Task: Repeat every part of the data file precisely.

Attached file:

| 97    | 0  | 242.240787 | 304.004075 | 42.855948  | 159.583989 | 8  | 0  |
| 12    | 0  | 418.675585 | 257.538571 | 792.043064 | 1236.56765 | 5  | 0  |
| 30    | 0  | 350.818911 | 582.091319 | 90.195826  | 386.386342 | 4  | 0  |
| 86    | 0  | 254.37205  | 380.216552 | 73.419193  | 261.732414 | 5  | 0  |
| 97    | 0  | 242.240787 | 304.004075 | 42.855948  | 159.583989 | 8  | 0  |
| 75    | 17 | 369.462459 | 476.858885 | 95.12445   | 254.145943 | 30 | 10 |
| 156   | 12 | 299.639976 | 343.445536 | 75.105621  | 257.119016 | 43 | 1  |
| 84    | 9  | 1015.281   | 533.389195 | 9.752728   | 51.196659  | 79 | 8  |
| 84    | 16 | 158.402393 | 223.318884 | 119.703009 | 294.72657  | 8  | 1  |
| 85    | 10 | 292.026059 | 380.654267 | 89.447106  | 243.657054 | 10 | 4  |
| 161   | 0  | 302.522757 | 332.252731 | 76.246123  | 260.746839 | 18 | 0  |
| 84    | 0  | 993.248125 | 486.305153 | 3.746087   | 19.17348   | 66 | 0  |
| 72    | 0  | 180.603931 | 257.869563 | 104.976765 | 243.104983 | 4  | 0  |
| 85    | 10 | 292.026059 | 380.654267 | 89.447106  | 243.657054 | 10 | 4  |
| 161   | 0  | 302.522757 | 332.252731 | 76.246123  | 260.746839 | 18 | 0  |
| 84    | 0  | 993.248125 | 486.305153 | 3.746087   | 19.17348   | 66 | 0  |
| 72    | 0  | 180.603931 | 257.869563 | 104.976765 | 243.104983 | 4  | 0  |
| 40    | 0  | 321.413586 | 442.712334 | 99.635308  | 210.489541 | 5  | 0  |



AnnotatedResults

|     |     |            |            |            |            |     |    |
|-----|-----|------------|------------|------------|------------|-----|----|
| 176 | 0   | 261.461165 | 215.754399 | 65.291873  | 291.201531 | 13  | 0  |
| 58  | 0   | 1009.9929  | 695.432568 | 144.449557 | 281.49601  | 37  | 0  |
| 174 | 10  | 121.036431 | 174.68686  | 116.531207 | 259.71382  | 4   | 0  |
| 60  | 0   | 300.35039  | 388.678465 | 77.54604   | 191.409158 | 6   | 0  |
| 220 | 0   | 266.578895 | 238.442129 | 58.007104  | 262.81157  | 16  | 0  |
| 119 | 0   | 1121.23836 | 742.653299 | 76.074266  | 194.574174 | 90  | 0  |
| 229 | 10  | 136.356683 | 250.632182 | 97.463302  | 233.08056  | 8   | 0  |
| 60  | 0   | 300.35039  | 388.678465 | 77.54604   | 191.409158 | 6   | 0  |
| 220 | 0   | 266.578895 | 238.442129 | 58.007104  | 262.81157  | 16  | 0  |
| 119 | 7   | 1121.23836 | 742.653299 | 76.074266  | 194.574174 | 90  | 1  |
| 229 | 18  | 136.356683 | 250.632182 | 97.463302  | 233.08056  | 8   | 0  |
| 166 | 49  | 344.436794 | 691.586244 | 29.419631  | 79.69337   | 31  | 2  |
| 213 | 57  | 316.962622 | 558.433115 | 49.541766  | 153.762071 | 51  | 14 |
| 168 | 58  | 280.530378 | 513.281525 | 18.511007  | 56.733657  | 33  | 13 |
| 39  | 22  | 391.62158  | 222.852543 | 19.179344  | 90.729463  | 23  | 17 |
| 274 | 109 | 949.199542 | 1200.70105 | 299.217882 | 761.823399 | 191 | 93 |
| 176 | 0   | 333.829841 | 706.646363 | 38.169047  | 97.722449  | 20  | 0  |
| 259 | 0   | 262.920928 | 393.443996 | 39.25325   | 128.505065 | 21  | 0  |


| 97    | 0  | 242.240787 | 304.004075 | 42.855948  | 159.583989 | 8  | 0  |
| 12    | 0  | 418.675585 | 257.538571 | 792.043064 | 1236.56765 | 5  | 0  |
| 30    | 0  | 350.818911 | 582.091319 | 90.195826  | 386.386342 | 4  | 0  |
| 86    | 0  | 254.37205  | 380.216552 | 73.419193  | 261.732414 | 5  | 0  |
| 97    | 0  | 242.240787 | 304.004075 | 42.855948  | 159.583989 | 8  | 0  |
| 75    | 17 | 369.462459 | 476.858885 | 95.12445   | 254.145943 | 30 | 10 |
| 156   | 12 | 299.639976 | 343.445536 | 75.105621  | 257.119016 | 43 | 1  |
| 84    | 9  | 1015.281   | 533.389195 | 9.752728   | 51.196659  | 79 | 8  |
| 84    | 16 | 158.402393 | 223.318884 | 119.703009 | 294.72657  | 8  | 1  |
| 85    | 10 | 292.026059 | 380.654267 | 89.447106  | 243.657054 | 10 | 4  |
| 161   | 0  | 302.522757 | 332.252731 | 76.246123  | 260.746839 | 18 | 0  |
| 84    | 0  | 993.248125 | 486.305153 | 3.746087   | 19.17348   | 66 | 0  |
| 72    | 0  | 180.603931 | 257.869563 | 104.976765 | 243.104983 | 4  | 0  |
| 85    | 10 | 292.026059 | 380.654267 | 89.447106  | 243.657054 | 10 | 4  |
| 161   | 0  | 302.522757 | 332.252731 | 76.246123  | 260.746839 | 18 | 0  |
| 84    | 0  | 993.248125 | 486.305153 | 3.746087   | 19.17348   | 66 | 0  |
| 72    | 0  | 180.603931 | 257.869563 | 104.976765 | 243.104983 | 4  | 0  |
| 40    | 0  | 321.413586 | 442.712334 | 99.635308  | 210.489541 | 5  | 0  |



AnnotatedResults

|     |     |            |            |            |            |     |    |
|-----|-----|------------|------------|------------|------------|-----|----|
| 176 | 0   | 261.461165 | 215.754399 | 65.291873  | 291.201531 | 13  | 0  |
| 58  | 0   | 1009.9929  | 695.432568 | 144.449557 | 281.49601  | 37  | 0  |
| 174 | 10  | 121.036431 | 174.68686  | 116.531207 | 259.71382  | 4   | 0  |
| 60  | 0   | 300.35039  | 388.678465 | 77.54604   | 191.409158 | 6   | 0  |
| 220 | 0   | 266.578895 | 238.442129 | 58.007104  | 262.81157  | 16  | 0  |
| 119 | 0   | 1121.23836 | 742.653299 | 76.074266  | 194.574174 | 90  | 0  |
| 229 | 10  | 136.356683 | 250.632182 | 97.463302  | 233.08056  | 8   | 0  |
| 60  | 0   | 300.35039  | 388.678465 | 77.54604   | 191.409158 | 6   | 0  |
| 220 | 0   | 266.578895 | 238.442129 | 58.007104  | 262.81157  | 16  | 0  |
| 119 | 7   | 1121.23836 | 742.653299 | 76.074266  | 194.574174 | 90  | 1  |
| 229 | 18  | 136.356683 | 250.632182 | 97.463302  | 233.08056  | 8   | 0  |
| 166 | 49  | 344.436794 | 691.586244 | 29.419631  | 79.69337   | 31  | 2  |
| 213 | 57  | 316.962622 | 558.433115 | 49.541766  | 153.762071 | 51  | 14 |
| 168 | 58  | 280.530378 | 513.281525 | 18.511007  | 56.733657  | 33  | 13 |
| 39  | 22  | 391.62158  | 222.852543 | 19.179344  | 90.729463  | 23  | 17 |
| 274 | 109 | 949.199542 | 1200.70105 | 299.217882 | 761.823399 | 191 | 93 |
| 176 | 0   | 333.829841 | 706.646363 | 38.169047  | 97.722449  | 20  | 0  |
| 259 | 0   | 262.920928 | 393.443996 | 39.25325   | 128.505065 | 21  | 0  |